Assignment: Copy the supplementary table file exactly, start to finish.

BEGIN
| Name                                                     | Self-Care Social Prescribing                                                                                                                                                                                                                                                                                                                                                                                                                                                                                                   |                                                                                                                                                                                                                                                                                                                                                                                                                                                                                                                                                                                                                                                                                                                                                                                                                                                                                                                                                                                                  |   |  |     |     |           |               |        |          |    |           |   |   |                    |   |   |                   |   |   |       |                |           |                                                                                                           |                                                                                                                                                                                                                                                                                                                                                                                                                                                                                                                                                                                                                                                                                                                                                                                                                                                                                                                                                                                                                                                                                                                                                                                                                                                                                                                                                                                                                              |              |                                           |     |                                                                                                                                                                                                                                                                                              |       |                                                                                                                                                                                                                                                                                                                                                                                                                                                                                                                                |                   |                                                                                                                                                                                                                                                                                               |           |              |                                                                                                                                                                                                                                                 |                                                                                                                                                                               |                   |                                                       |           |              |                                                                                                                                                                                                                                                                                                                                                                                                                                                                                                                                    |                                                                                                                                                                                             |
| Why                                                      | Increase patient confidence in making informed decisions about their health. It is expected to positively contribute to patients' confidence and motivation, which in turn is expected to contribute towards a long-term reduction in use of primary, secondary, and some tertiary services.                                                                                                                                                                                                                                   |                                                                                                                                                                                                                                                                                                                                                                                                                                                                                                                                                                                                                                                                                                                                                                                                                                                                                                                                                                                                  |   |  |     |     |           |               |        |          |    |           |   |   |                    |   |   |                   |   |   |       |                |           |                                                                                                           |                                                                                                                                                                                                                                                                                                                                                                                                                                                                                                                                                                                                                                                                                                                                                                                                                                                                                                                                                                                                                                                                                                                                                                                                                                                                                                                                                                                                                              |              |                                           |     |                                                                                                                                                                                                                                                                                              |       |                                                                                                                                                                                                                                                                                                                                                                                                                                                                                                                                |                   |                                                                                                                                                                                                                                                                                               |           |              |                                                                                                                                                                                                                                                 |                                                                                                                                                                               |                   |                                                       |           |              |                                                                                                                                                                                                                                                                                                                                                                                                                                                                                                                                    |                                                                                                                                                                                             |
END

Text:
| Name                                                     | Self-Care Social Prescribing                                                                                                                                                                                                                                                                                                                                                                                                                                                                                                   |                                                                                                                                                                                                                                                                                                                                                                                                                                                                                                                                                                                                                                                                                                                                                                                                                                                                                                                                                                                                  |   |  |     |     |           |               |        |          |    |           |   |   |                    |   |   |                   |   |   |       |                |           |                                                                                                           |                                                                                                                                                                                                                                                                                                                                                                                                                                                                                                                                                                                                                                                                                                                                                                                                                                                                                                                                                                                                                                                                                                                                                                                                                                                                                                                                                                                                                              |              |                                           |     |                                                                                                                                                                                                                                                                                              |       |                                                                                                                                                                                                                                                                                                                                                                                                                                                                                                                                |                   |                                                                                                                                                                                                                                                                                               |           |              |                                                                                                                                                                                                                                                 |                                                                                                                                                                               |                   |                                                       |           |              |                                                                                                                                                                                                                                                                                                                                                                                                                                                                                                                                    |                                                                                                                                                                                             |
| Why                                                      | Increase patient confidence in making informed decisions about their health. It is expected to positively contribute to patients' confidence and motivation, which in turn is expected to contribute towards a long-term reduction in use of primary, secondary, and some tertiary services.                                                                                                                                                                                                                                   |                                                                                                                                                                                                                                                                                                                                                                                                                                                                                                                                                                                                                                                                                                                                                                                                                                                                                                                                                                                                  |   |  |     |     |           |               |        |          |    |           |   |   |                    |   |   |                   |   |   |       |                |           |                                                                                                           |                                                                                                                                                                                                                                                                                                                                                                                                                                                                                                                                                                                                                                                                                                                                                                                                                                                                                                                                                                                                                                                                                                                                                                                                                                                                                                                                                                                                                              |              |                                           |     |                                                                                                                                                                                                                                                                                              |       |                                                                                                                                                                                                                                                                                                                                                                                                                                                                                                                                |                   |                                                                                                                                                                                                                                                                                               |           |              |                                                                                                                                                                                                                                                 |                                                                                                                                                                               |                   |                                                       |           |              |                                                                                                                                                                                                                                                                                                                                                                                                                                                                                                                                    |                                                                                                                                                                                             |